I love to search for new things, I love to push my body to extremity but, with that, in order to do it, I need familiarities and support; a sort of safety net. I know I can always call my mum if I’m in danger, or my dad or my sisters. That’s part of my familiarity. They are always there to support me. 

There is an element where you have to standout to make it in this industry. That is simply a fact you have to accept. However, I am not this crazy dude who throws himself off buildings and stuff, well… I am, but it is well thought through. I am not reckless. When I am home I just like to be normal, you know?

My life was crazy last year, I got on 75 planes and I became kind of ‘rootless’. It was too much. I need a solid base and my family provides that. The public really only sees one side of me. I’m actually a quite reflective kind of guy. Given the opportunity I will stare at a blank wall and ask searching questions of myself. ‘Am I stoked? Am I happy? Am I satisfied with how things are going right now?’ And if not, I’ll change it.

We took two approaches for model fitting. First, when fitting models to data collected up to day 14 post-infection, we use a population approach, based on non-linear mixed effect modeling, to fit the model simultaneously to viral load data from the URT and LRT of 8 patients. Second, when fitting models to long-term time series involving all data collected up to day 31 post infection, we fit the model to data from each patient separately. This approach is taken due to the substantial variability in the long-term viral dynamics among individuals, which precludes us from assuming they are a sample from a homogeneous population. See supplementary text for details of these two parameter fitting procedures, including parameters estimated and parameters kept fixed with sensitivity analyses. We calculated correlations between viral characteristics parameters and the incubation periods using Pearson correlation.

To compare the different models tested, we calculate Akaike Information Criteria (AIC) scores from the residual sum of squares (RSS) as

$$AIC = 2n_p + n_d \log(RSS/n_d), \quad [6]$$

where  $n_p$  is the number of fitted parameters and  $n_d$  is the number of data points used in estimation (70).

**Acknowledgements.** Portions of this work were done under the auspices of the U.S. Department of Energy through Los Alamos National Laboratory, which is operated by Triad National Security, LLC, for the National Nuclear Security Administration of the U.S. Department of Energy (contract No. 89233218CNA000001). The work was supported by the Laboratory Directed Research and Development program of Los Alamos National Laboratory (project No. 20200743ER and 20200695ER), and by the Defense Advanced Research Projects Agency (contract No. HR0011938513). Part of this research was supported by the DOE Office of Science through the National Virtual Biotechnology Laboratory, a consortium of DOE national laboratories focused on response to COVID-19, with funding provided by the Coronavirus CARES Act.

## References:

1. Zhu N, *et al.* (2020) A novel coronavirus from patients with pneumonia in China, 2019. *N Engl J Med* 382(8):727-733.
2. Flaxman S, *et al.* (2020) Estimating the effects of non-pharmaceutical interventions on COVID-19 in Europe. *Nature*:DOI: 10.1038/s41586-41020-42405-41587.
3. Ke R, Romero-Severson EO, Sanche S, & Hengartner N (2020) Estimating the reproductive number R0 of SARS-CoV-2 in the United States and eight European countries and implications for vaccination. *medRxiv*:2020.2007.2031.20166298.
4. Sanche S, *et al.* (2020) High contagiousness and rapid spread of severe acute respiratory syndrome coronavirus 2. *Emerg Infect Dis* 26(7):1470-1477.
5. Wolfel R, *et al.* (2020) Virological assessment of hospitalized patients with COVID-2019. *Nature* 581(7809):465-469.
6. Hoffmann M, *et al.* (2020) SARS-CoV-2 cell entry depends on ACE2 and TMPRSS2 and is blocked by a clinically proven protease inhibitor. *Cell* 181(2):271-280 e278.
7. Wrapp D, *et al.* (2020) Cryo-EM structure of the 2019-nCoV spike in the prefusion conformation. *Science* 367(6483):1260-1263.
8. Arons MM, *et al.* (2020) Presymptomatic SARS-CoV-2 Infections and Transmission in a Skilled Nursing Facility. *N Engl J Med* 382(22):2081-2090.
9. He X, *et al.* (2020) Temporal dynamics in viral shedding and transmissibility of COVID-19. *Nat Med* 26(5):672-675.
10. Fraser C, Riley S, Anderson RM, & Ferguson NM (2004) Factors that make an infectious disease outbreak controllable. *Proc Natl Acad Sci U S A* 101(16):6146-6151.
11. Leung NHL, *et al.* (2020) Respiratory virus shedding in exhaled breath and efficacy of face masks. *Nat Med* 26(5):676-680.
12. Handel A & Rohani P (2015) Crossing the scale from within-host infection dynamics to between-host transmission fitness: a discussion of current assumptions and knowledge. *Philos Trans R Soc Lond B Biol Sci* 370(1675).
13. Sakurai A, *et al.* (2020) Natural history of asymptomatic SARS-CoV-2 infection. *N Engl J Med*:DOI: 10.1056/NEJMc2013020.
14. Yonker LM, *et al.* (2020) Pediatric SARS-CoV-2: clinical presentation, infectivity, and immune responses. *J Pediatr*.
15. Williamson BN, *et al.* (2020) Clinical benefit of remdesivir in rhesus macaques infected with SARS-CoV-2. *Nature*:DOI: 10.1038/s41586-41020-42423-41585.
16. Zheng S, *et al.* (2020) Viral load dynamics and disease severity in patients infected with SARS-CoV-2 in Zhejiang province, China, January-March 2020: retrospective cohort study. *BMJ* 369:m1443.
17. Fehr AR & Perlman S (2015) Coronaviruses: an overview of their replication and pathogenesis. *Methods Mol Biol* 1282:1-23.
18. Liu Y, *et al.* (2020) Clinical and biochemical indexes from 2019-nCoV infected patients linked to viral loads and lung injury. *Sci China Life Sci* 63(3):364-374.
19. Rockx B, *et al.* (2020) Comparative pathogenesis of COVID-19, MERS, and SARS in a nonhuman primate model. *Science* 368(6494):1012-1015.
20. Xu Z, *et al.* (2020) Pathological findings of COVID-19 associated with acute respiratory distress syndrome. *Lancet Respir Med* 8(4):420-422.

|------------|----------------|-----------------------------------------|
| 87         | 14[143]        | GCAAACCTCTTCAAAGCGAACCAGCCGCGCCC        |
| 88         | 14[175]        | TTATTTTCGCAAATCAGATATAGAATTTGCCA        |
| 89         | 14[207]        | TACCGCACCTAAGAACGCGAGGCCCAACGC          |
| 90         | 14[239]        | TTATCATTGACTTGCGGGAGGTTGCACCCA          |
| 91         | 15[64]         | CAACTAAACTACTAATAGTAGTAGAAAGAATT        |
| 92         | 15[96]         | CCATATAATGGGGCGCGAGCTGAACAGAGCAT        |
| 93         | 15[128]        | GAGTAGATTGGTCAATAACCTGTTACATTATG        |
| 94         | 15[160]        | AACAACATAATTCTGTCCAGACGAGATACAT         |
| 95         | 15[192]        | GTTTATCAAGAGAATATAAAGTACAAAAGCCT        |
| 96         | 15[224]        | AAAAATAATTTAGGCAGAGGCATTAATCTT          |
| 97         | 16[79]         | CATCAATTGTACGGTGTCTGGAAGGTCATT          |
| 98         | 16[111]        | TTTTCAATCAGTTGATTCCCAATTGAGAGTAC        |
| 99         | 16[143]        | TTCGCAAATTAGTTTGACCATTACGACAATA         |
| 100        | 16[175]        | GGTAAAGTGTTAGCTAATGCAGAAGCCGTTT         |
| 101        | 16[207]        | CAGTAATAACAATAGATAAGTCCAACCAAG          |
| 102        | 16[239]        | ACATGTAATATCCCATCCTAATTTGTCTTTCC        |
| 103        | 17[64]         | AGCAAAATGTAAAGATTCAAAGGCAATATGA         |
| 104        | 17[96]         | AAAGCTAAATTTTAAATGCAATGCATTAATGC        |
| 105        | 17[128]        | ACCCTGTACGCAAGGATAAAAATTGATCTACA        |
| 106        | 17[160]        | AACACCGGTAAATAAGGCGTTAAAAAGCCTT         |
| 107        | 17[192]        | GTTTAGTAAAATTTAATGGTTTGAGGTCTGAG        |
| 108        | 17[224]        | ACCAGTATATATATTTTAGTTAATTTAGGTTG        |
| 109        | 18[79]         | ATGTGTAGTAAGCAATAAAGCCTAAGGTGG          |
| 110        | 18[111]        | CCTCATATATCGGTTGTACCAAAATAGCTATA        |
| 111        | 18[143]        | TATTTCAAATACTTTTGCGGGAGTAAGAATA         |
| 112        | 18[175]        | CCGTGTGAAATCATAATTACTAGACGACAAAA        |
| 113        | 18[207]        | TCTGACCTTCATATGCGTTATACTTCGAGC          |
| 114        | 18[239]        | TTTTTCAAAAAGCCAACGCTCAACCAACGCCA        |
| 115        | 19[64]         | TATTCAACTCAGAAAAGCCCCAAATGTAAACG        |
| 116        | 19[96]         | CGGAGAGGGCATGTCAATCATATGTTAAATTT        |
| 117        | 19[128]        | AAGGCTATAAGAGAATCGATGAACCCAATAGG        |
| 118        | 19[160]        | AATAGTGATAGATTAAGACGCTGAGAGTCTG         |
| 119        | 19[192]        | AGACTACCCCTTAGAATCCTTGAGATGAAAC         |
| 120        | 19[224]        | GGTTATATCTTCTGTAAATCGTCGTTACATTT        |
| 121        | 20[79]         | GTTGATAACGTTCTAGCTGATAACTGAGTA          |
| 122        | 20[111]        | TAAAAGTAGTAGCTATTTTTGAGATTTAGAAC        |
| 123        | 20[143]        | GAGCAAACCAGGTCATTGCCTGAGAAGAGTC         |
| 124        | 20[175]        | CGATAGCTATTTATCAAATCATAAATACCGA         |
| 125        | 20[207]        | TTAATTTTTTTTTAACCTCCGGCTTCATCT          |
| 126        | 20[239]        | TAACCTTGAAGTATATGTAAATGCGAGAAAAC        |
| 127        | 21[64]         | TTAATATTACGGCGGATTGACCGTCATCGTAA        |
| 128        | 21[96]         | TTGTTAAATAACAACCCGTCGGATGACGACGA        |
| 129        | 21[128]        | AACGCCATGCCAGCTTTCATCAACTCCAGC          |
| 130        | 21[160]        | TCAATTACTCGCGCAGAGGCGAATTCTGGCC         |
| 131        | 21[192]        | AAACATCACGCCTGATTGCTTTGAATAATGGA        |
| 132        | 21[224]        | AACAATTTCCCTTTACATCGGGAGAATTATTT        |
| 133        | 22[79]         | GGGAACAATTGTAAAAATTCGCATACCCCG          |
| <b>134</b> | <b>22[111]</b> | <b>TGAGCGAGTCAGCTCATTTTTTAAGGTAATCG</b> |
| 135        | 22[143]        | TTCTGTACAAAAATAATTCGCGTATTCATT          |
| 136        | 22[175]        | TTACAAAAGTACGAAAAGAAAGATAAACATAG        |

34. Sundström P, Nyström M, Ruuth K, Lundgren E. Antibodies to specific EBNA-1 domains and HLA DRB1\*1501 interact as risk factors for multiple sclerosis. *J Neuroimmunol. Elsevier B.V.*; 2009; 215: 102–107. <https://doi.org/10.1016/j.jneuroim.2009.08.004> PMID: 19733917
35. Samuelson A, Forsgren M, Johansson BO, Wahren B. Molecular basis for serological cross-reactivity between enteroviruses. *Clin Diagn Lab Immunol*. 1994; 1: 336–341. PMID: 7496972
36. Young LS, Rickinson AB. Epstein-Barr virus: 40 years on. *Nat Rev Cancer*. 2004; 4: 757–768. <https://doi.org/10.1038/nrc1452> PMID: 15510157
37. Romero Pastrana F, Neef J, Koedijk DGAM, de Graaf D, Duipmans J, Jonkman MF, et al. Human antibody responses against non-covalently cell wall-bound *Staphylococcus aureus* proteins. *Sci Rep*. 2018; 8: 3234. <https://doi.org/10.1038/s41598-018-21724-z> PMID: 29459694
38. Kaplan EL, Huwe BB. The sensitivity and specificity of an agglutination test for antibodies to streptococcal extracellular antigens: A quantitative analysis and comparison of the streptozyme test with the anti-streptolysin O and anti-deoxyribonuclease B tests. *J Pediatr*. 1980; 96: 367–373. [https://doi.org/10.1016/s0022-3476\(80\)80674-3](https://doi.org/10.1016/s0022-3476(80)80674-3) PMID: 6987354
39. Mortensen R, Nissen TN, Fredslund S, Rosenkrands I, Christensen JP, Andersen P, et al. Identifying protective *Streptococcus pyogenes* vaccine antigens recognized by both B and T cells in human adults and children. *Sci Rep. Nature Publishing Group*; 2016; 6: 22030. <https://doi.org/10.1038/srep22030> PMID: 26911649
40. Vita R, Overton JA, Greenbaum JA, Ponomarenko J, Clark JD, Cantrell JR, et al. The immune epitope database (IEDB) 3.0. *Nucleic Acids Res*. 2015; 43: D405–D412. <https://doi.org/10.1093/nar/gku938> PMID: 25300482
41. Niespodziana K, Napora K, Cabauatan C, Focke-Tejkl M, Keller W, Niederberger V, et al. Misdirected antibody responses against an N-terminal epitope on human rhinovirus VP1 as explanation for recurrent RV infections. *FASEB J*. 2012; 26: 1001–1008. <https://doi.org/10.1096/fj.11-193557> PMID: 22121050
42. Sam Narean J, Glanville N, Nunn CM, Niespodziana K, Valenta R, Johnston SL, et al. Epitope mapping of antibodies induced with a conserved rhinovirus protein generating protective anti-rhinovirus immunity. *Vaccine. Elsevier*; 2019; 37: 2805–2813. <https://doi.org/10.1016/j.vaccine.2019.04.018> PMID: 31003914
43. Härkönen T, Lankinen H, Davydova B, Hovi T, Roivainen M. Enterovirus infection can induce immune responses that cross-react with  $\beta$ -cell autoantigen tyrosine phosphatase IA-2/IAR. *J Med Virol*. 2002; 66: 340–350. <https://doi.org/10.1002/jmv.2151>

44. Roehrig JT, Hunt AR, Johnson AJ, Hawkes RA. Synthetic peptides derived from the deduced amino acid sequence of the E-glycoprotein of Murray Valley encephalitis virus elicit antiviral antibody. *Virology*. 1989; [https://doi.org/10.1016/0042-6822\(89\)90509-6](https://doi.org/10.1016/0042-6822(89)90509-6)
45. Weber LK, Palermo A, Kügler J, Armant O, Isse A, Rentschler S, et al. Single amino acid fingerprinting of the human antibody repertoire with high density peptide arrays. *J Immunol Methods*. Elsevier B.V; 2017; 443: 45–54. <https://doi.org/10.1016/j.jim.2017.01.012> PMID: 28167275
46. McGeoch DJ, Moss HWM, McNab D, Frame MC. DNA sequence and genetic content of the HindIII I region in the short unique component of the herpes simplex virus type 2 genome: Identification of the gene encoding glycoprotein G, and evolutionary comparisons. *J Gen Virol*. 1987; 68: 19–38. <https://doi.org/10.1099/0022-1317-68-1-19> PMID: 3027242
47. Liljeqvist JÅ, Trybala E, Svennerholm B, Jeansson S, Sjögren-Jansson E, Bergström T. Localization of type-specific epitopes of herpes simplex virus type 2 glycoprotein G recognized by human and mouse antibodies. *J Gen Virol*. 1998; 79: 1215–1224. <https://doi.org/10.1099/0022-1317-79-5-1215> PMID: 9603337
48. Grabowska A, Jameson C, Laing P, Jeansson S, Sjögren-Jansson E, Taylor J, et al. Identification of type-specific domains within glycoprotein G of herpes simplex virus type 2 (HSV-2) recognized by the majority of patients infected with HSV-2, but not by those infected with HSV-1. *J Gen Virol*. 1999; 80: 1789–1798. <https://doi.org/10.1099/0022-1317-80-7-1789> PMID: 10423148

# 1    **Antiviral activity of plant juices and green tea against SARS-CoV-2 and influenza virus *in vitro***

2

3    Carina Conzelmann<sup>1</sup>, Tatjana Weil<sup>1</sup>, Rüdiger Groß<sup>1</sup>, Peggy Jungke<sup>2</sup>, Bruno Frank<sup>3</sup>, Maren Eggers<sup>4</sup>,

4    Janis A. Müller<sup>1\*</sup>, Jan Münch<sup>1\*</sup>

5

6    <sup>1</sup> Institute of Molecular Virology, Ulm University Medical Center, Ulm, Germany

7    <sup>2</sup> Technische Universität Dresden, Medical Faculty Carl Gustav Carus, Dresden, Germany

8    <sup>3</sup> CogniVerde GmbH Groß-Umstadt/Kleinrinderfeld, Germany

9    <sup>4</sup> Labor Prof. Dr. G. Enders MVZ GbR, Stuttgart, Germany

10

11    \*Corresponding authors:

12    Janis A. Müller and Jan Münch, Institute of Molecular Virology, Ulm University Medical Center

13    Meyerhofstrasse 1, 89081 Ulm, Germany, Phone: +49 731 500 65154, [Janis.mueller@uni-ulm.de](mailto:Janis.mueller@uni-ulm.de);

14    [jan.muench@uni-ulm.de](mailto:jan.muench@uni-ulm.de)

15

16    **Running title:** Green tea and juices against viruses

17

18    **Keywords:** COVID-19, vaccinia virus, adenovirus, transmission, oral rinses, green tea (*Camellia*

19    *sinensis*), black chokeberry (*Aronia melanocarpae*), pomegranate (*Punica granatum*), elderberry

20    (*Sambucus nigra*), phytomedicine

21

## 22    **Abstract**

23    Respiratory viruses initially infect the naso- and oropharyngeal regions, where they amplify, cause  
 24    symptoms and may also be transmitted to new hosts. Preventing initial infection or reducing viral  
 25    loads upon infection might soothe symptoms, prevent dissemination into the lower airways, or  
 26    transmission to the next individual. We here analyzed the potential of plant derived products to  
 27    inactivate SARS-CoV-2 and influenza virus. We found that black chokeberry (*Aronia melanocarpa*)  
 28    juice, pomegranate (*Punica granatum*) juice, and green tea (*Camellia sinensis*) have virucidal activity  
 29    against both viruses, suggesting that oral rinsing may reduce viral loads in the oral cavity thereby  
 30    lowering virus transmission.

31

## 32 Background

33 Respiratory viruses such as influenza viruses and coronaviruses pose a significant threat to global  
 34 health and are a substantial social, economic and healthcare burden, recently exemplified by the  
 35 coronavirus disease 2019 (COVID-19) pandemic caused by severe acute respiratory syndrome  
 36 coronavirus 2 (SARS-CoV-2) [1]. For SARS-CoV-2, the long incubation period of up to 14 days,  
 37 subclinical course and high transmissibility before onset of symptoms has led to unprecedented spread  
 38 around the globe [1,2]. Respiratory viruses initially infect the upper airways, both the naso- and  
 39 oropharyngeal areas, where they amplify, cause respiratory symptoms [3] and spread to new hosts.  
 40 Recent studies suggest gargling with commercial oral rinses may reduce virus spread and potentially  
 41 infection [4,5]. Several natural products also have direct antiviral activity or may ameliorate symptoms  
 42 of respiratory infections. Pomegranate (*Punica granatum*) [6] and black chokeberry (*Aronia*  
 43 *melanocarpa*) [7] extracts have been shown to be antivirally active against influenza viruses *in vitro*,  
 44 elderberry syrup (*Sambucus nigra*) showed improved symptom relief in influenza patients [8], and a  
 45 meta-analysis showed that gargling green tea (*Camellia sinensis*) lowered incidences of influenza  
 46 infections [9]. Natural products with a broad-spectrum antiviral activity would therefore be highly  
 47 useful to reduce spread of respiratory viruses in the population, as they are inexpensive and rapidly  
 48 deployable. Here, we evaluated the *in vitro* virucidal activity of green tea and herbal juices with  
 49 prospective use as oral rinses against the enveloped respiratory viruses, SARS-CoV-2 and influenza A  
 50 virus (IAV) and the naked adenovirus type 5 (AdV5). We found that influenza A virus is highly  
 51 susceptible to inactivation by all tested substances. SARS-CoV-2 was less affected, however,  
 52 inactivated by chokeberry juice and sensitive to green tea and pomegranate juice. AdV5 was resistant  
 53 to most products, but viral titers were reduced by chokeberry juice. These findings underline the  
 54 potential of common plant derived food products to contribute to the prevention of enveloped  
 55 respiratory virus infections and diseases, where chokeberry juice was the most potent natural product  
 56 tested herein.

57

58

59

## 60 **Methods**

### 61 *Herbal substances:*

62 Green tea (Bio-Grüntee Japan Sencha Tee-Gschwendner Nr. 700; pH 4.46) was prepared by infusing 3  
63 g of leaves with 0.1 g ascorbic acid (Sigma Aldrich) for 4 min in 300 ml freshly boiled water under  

However, you can’t change things that you are not on top of. So, just like my kiting, I like to master all the aspects of my life. Of course you can’t do that all at once, but I consciously and continuously make small adjustments along the way. 

I don’t do what I do for the people, I don’t do it for the public. I don’t have to jump from France to Ireland. I don’t feel that pressure, I do it for myself, to fill a gap inside of me. What I want to do more is inspire people; not for them to do what I do (I don’t want them to do that to be honest). I’d just like to show people that you can do different things with a kite. I found my passion in kiting and I would like other people to find their passion, too.

It’s a strange thing, but in a way I feel like I have to do it [the next challenge], for myself. It is an internal thing. I am a very safe person. If I think there is even 1% doubt in me, I won’t do it.


This feature first appeared in KW #80 in April 2016. Subscribe to the magazine for six issues a year of the original international kitesurfing magazine, rooted at the heart of the sport, and get inside the minds of the legends of in kiteboarding every issue.